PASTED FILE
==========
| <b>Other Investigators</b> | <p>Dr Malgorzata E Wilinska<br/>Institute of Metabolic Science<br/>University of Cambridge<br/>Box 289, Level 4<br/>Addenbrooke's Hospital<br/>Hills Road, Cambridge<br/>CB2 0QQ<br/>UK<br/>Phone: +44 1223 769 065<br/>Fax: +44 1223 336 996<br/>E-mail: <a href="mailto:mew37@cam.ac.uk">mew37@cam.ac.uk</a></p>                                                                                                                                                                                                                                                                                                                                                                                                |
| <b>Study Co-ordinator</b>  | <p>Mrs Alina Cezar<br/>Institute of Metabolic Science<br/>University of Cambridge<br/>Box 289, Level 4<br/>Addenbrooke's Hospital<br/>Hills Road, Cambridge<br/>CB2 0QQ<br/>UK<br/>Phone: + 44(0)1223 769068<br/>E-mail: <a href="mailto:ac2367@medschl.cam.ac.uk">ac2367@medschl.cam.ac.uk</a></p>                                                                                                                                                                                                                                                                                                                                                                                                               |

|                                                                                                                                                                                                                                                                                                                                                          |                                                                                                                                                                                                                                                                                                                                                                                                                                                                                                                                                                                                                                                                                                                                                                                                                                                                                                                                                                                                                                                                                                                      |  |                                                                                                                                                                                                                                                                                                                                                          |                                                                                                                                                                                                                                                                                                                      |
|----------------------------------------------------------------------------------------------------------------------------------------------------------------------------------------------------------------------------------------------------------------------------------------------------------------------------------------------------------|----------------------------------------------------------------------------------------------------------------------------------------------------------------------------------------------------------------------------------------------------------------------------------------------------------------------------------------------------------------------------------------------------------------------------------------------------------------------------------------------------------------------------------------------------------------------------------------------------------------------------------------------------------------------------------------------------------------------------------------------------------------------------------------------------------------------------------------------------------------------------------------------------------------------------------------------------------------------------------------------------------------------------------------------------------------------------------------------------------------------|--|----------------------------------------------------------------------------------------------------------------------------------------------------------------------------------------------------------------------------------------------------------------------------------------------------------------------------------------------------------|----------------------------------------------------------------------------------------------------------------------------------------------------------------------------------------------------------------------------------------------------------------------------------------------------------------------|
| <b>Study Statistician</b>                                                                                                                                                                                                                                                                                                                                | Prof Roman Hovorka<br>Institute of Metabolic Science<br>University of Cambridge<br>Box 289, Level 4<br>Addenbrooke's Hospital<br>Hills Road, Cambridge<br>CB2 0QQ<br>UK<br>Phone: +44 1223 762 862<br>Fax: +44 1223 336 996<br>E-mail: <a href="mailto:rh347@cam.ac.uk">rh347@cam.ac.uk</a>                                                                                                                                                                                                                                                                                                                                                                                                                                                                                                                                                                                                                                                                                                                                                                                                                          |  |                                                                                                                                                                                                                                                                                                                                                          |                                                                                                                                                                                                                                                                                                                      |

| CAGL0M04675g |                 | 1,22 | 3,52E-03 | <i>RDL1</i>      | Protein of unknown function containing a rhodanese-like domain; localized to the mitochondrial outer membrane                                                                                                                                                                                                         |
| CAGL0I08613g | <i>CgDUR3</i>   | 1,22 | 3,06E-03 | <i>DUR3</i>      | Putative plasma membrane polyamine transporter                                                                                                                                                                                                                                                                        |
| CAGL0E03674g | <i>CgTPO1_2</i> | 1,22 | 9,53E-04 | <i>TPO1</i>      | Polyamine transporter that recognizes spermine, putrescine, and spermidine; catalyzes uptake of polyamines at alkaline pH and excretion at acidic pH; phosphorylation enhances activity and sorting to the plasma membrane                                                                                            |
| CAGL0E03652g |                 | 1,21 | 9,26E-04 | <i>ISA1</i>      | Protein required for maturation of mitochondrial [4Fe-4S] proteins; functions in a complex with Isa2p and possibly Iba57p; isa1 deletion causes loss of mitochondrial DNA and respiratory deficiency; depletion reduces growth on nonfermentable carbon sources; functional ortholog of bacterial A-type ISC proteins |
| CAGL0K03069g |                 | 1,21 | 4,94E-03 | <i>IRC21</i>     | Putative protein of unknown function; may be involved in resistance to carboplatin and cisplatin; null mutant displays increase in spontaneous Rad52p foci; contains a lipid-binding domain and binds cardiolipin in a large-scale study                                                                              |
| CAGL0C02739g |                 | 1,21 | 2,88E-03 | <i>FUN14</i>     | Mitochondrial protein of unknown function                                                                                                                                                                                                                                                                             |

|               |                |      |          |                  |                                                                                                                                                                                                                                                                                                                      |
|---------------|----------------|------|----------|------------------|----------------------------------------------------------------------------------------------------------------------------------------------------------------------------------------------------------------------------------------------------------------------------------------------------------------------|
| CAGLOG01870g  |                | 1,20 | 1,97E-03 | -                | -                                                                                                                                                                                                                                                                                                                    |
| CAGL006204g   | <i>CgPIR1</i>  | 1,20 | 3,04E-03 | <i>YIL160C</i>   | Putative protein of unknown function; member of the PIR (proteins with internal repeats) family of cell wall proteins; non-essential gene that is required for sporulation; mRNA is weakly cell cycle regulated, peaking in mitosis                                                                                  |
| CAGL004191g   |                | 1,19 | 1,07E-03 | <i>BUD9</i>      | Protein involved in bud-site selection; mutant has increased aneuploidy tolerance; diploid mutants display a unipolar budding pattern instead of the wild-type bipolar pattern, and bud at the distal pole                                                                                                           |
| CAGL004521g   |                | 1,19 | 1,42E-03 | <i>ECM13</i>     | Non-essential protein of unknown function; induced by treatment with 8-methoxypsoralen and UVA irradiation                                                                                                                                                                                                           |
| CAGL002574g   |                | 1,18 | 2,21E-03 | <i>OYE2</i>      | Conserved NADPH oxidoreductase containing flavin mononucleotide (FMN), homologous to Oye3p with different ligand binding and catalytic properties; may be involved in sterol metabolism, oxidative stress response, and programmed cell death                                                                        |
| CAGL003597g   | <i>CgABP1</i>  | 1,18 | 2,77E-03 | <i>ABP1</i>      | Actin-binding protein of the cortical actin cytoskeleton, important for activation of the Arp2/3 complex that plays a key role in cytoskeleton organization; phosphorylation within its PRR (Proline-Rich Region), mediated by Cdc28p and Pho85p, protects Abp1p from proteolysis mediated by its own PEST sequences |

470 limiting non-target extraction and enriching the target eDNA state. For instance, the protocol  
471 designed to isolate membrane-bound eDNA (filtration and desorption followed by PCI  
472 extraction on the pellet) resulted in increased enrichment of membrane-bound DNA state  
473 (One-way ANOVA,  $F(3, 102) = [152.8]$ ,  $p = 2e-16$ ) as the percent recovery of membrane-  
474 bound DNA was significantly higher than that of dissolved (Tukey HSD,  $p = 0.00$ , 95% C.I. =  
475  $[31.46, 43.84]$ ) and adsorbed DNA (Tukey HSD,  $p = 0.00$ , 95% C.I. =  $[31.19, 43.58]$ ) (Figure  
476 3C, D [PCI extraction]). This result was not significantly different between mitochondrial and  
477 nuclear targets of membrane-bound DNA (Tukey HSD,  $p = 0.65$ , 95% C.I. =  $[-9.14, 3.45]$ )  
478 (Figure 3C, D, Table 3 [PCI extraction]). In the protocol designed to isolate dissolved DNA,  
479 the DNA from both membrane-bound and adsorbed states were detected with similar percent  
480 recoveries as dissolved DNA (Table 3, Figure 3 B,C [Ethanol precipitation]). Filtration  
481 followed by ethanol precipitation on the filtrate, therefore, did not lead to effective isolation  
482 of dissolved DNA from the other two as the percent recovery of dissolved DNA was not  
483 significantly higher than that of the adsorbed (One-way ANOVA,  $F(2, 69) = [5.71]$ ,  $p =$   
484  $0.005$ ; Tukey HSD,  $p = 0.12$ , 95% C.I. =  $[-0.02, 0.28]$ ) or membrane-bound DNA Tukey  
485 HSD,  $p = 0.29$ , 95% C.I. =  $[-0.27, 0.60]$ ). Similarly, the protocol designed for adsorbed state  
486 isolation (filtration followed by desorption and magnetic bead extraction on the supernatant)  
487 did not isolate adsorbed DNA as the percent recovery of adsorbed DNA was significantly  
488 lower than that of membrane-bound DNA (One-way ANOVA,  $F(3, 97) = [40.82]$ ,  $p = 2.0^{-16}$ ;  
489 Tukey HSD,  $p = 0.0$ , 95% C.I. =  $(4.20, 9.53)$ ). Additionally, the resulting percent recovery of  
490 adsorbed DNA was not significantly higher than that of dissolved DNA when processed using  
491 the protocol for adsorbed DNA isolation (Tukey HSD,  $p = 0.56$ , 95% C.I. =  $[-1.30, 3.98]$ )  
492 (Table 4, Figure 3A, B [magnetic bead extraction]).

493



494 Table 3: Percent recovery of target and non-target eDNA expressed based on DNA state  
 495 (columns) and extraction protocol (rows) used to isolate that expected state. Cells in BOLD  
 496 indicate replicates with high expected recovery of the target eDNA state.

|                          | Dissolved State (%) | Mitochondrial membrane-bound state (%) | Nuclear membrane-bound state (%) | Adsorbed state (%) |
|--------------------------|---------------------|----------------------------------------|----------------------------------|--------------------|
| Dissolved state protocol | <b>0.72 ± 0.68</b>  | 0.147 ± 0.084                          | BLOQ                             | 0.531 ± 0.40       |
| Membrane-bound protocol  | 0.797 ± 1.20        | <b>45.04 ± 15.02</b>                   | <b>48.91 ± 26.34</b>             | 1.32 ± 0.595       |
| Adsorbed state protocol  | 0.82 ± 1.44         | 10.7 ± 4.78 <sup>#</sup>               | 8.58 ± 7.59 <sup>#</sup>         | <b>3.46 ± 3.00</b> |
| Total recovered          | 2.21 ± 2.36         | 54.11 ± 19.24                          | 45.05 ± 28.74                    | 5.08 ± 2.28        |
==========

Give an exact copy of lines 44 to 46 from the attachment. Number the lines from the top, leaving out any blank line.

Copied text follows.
494 Table 3: Percent recovery of target and non-target eDNA expressed based on DNA state  
 495 (columns) and extraction protocol (rows) used to isolate that expected state. Cells in BOLD  
 496 indicate replicates with high expected recovery of the target eDNA state.